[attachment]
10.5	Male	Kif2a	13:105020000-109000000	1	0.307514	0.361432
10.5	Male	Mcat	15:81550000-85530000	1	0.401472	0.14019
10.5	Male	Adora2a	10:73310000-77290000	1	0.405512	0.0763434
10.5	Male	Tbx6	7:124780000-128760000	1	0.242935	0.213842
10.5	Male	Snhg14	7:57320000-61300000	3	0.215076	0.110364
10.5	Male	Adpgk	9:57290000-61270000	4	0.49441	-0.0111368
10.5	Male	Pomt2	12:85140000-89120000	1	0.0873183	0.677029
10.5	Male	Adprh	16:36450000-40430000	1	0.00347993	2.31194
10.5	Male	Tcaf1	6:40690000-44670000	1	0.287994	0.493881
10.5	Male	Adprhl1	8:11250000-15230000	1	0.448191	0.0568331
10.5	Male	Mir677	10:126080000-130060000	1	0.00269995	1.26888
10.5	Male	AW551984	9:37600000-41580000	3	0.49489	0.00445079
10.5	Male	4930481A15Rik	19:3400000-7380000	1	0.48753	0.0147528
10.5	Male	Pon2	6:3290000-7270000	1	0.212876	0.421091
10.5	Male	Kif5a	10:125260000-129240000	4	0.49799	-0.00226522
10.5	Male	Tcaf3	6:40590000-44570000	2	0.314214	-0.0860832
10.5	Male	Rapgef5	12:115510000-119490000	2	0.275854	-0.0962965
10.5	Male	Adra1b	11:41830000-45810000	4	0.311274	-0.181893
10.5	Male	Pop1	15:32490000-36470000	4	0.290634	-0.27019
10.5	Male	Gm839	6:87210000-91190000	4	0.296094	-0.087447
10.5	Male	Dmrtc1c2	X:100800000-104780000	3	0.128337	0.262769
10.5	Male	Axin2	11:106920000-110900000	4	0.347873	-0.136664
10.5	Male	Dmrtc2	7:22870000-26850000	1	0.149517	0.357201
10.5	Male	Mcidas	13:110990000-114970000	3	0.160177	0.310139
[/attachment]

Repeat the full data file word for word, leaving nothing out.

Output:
10.5	Male	Kif2a	13:105020000-109000000	1	0.307514	0.361432
10.5	Male	Mcat	15:81550000-85530000	1	0.401472	0.14019
10.5	Male	Adora2a	10:73310000-77290000	1	0.405512	0.0763434
10.5	Male	Tbx6	7:124780000-128760000	1	0.242935	0.213842
10.5	Male	Snhg14	7:57320000-61300000	3	0.215076	0.110364
10.5	Male	Adpgk	9:57290000-61270000	4	0.49441	-0.0111368
10.5	Male	Pomt2	12:85140000-89120000	1	0.0873183	0.677029
10.5	Male	Adprh	16:36450000-40430000	1	0.00347993	2.31194
10.5	Male	Tcaf1	6:40690000-44670000	1	0.287994	0.493881
10.5	Male	Adprhl1	8:11250000-15230000	1	0.448191	0.0568331
10.5	Male	Mir677	10:126080000-130060000	1	0.00269995	1.26888
10.5	Male	AW551984	9:37600000-41580000	3	0.49489	0.00445079
10.5	Male	4930481A15Rik	19:3400000-7380000	1	0.48753	0.0147528
10.5	Male	Pon2	6:3290000-7270000	1	0.212876	0.421091
10.5	Male	Kif5a	10:125260000-129240000	4	0.49799	-0.00226522
10.5	Male	Tcaf3	6:40590000-44570000	2	0.314214	-0.0860832
10.5	Male	Rapgef5	12:115510000-119490000	2	0.275854	-0.0962965
10.5	Male	Adra1b	11:41830000-45810000	4	0.311274	-0.181893
10.5	Male	Pop1	15:32490000-36470000	4	0.290634	-0.27019
10.5	Male	Gm839	6:87210000-91190000	4	0.296094	-0.087447
10.5	Male	Dmrtc1c2	X:100800000-104780000	3	0.128337	0.262769
10.5	Male	Axin2	11:106920000-110900000	4	0.347873	-0.136664
10.5	Male	Dmrtc2	7:22870000-26850000	1	0.149517	0.357201
10.5	Male	Mcidas	13:110990000-114970000	3	0.160177	0.310139